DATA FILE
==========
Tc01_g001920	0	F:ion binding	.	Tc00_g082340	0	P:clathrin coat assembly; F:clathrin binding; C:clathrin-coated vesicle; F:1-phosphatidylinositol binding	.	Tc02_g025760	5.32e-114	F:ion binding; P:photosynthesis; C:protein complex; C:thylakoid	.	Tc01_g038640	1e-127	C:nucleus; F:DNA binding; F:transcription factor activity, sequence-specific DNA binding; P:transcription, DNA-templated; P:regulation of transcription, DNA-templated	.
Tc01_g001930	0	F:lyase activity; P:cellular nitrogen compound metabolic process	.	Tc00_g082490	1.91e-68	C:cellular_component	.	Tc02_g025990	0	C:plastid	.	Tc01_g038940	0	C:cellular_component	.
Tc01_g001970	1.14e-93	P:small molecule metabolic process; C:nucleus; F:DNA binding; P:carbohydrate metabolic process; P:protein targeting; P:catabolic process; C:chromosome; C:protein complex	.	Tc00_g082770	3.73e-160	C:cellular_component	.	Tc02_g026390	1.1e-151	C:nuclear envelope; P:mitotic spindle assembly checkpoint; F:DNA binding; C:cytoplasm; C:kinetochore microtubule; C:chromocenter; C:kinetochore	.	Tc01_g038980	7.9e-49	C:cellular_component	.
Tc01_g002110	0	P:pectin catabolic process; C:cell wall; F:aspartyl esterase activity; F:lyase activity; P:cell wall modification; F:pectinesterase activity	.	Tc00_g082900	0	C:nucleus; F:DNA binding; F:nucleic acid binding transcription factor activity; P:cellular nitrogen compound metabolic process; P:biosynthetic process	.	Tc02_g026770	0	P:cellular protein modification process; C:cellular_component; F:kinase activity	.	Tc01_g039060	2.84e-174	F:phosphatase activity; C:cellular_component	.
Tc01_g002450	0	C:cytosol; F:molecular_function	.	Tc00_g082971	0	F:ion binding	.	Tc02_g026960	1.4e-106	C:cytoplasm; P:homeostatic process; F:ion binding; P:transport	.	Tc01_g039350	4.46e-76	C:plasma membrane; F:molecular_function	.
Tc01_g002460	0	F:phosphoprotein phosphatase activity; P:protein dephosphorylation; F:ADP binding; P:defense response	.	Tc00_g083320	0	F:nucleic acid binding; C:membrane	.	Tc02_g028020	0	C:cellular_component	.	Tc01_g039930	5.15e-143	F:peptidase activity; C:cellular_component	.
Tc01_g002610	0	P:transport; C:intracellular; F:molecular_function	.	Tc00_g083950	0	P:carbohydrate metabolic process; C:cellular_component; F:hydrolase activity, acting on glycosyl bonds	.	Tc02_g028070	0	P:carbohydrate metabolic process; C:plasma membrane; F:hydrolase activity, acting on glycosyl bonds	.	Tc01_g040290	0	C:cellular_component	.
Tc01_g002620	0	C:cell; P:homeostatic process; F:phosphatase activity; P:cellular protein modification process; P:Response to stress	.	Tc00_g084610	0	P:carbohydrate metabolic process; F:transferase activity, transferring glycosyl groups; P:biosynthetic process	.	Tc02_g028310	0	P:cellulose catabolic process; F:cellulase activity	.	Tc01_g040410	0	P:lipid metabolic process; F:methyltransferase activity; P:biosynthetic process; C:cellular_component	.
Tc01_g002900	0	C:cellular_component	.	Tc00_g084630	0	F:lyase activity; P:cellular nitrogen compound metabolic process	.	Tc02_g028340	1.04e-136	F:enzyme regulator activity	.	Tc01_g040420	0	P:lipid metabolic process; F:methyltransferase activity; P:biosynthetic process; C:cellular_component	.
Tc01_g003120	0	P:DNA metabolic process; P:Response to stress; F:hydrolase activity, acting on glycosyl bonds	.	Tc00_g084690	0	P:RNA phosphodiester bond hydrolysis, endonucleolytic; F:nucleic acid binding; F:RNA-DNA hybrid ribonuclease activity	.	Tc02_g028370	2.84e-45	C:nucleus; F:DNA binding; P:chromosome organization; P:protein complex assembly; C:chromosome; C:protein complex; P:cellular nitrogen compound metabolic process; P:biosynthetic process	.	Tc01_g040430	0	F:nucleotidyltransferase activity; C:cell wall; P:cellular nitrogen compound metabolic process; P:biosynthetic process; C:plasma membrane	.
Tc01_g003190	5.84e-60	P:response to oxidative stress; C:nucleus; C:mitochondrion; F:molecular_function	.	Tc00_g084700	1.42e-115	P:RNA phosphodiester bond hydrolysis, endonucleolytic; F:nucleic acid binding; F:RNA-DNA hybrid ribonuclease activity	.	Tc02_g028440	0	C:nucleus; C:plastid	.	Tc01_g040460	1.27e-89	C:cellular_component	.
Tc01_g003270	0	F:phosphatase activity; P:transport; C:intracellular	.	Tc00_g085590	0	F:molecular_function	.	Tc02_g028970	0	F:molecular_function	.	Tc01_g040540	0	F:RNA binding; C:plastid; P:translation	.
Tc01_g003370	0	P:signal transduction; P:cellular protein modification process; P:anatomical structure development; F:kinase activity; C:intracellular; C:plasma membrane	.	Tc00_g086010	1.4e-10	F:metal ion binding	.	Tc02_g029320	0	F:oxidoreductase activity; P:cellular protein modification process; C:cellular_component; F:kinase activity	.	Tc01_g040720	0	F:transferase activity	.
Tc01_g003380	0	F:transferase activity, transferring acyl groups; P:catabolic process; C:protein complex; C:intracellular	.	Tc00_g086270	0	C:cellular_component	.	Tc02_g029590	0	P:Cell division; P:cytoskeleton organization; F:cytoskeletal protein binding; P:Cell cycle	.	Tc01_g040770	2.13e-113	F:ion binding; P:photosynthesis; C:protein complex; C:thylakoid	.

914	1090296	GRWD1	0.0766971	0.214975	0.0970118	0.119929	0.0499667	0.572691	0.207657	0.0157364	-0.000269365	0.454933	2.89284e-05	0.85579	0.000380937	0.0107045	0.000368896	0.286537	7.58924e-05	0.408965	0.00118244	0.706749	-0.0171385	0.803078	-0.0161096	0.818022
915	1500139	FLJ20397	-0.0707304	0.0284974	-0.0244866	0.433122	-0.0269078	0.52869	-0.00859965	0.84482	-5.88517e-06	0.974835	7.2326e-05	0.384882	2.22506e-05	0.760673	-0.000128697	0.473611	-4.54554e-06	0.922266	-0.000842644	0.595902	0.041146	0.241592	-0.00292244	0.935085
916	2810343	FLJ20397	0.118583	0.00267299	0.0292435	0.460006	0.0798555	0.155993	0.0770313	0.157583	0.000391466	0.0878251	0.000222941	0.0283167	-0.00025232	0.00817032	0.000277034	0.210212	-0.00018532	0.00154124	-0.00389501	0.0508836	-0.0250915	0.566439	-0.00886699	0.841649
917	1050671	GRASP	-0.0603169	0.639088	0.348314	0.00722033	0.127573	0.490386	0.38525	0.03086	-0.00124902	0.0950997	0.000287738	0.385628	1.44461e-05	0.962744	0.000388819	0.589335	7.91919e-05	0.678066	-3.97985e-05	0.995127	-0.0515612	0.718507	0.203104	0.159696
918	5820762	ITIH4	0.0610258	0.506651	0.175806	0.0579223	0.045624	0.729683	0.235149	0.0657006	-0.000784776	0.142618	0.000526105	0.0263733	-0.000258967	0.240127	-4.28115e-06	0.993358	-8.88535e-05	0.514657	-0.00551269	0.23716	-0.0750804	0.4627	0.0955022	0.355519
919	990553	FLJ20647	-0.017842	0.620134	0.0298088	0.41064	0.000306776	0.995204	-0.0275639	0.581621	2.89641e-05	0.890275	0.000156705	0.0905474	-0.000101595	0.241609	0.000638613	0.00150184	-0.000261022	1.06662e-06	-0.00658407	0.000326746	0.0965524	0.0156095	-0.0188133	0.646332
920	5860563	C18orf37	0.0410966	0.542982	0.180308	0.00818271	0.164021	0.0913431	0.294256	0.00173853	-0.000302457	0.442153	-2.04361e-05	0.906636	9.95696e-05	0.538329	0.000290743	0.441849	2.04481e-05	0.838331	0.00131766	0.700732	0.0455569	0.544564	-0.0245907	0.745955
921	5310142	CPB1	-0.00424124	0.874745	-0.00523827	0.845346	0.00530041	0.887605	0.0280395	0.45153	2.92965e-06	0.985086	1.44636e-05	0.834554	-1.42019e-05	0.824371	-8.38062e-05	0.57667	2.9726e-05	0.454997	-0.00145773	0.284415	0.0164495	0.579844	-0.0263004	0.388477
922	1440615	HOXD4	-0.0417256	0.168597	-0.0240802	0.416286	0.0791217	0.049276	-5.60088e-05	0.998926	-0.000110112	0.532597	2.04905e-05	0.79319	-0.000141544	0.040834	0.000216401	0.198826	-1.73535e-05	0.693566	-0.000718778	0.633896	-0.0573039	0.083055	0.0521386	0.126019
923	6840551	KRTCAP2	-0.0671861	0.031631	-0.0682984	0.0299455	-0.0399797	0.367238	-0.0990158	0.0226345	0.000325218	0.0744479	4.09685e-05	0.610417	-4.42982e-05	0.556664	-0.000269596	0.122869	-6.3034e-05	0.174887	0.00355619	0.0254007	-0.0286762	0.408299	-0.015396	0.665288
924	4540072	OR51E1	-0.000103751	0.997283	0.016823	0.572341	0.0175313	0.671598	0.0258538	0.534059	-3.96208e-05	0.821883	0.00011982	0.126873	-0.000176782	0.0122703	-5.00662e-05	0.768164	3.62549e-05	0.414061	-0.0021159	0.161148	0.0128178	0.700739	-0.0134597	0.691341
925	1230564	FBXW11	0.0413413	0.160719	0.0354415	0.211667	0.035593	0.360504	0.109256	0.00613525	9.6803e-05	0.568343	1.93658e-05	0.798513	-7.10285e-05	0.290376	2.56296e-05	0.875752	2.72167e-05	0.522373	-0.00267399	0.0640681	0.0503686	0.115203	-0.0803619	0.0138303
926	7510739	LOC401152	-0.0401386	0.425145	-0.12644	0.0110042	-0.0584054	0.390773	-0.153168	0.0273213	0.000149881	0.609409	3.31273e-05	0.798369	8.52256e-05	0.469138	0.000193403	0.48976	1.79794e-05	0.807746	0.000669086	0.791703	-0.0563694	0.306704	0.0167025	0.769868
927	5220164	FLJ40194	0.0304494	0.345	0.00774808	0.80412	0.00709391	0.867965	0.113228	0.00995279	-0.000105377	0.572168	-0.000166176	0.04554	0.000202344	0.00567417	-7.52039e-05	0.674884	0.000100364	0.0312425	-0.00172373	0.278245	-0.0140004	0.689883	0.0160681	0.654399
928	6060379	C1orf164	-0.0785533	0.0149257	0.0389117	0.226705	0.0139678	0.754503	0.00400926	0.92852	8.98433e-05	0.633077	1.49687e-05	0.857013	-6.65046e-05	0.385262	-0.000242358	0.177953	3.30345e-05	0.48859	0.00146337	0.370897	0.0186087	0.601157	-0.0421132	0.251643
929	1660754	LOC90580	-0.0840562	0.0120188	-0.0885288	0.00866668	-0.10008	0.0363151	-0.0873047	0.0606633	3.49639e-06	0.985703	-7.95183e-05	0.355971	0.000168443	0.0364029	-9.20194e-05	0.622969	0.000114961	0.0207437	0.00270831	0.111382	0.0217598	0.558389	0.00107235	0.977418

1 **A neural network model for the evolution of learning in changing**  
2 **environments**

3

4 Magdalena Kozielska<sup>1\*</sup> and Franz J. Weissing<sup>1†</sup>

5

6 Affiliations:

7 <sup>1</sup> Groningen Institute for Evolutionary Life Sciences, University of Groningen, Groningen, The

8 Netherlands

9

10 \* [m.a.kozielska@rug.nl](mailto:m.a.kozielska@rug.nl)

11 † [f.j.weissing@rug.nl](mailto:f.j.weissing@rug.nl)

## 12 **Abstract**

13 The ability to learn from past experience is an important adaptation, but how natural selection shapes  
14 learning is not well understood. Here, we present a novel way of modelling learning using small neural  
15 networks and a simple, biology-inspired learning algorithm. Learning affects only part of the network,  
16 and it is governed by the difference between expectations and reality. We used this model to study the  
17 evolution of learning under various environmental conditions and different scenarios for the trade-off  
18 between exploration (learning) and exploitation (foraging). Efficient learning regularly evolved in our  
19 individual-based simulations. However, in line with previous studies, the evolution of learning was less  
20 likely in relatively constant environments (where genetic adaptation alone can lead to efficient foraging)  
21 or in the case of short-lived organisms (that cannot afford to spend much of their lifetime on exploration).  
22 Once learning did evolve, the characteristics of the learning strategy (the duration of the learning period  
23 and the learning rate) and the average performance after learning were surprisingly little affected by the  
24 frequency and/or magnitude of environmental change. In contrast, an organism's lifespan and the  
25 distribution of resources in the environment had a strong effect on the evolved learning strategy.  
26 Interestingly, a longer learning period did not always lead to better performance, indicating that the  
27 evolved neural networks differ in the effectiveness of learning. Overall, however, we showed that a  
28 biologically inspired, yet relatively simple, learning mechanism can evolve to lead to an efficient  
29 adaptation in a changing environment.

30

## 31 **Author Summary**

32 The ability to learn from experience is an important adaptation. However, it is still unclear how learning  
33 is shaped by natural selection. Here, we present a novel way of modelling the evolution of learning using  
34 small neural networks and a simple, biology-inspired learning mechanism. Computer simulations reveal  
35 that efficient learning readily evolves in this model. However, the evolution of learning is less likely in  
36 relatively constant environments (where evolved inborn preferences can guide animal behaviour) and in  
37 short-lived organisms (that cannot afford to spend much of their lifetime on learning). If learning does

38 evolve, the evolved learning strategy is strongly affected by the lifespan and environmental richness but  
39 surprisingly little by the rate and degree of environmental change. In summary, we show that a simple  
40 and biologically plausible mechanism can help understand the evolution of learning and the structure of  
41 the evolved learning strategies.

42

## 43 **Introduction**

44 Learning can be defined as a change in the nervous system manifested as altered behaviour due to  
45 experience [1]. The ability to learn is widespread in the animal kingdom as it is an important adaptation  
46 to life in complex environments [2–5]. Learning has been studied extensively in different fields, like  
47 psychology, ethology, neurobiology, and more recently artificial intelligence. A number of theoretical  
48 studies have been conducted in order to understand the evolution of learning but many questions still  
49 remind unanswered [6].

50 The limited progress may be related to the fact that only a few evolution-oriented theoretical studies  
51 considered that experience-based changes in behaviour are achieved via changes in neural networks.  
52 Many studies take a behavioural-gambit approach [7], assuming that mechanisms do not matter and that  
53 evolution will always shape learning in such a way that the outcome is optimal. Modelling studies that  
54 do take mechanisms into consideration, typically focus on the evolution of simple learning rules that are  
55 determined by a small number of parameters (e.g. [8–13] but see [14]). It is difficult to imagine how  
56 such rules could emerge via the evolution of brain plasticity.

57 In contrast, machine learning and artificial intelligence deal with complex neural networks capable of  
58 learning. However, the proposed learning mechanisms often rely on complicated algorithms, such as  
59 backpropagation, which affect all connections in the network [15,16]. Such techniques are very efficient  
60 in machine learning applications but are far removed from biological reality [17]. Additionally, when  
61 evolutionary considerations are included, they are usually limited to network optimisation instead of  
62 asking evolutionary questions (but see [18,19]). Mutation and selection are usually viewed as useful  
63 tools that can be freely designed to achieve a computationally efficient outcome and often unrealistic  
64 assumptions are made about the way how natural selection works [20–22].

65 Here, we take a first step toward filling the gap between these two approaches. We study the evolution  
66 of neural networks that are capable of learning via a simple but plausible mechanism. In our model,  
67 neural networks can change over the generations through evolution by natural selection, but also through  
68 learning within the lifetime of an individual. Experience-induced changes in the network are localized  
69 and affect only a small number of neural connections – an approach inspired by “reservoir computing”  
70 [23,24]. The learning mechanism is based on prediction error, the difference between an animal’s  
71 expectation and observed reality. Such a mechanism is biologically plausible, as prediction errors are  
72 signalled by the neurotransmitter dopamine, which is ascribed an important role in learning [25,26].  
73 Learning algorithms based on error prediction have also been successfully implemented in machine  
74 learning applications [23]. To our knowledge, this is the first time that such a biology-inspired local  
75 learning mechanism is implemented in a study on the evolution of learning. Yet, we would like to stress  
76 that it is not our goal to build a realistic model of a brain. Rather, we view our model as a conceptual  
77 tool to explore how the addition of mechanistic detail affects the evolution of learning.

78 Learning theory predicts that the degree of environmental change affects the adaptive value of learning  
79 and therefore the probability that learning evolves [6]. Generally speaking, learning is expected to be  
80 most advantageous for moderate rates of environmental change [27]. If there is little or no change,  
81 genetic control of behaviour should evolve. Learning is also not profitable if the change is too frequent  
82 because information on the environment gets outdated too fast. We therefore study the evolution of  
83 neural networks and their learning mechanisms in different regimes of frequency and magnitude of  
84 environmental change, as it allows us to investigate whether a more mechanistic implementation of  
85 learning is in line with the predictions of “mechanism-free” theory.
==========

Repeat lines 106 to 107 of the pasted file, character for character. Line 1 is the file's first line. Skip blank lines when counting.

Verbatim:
76 that it is not our goal to build a realistic model of a brain. Rather, we view our model as a conceptual  
77 tool to explore how the addition of mechanistic detail affects the evolution of learning.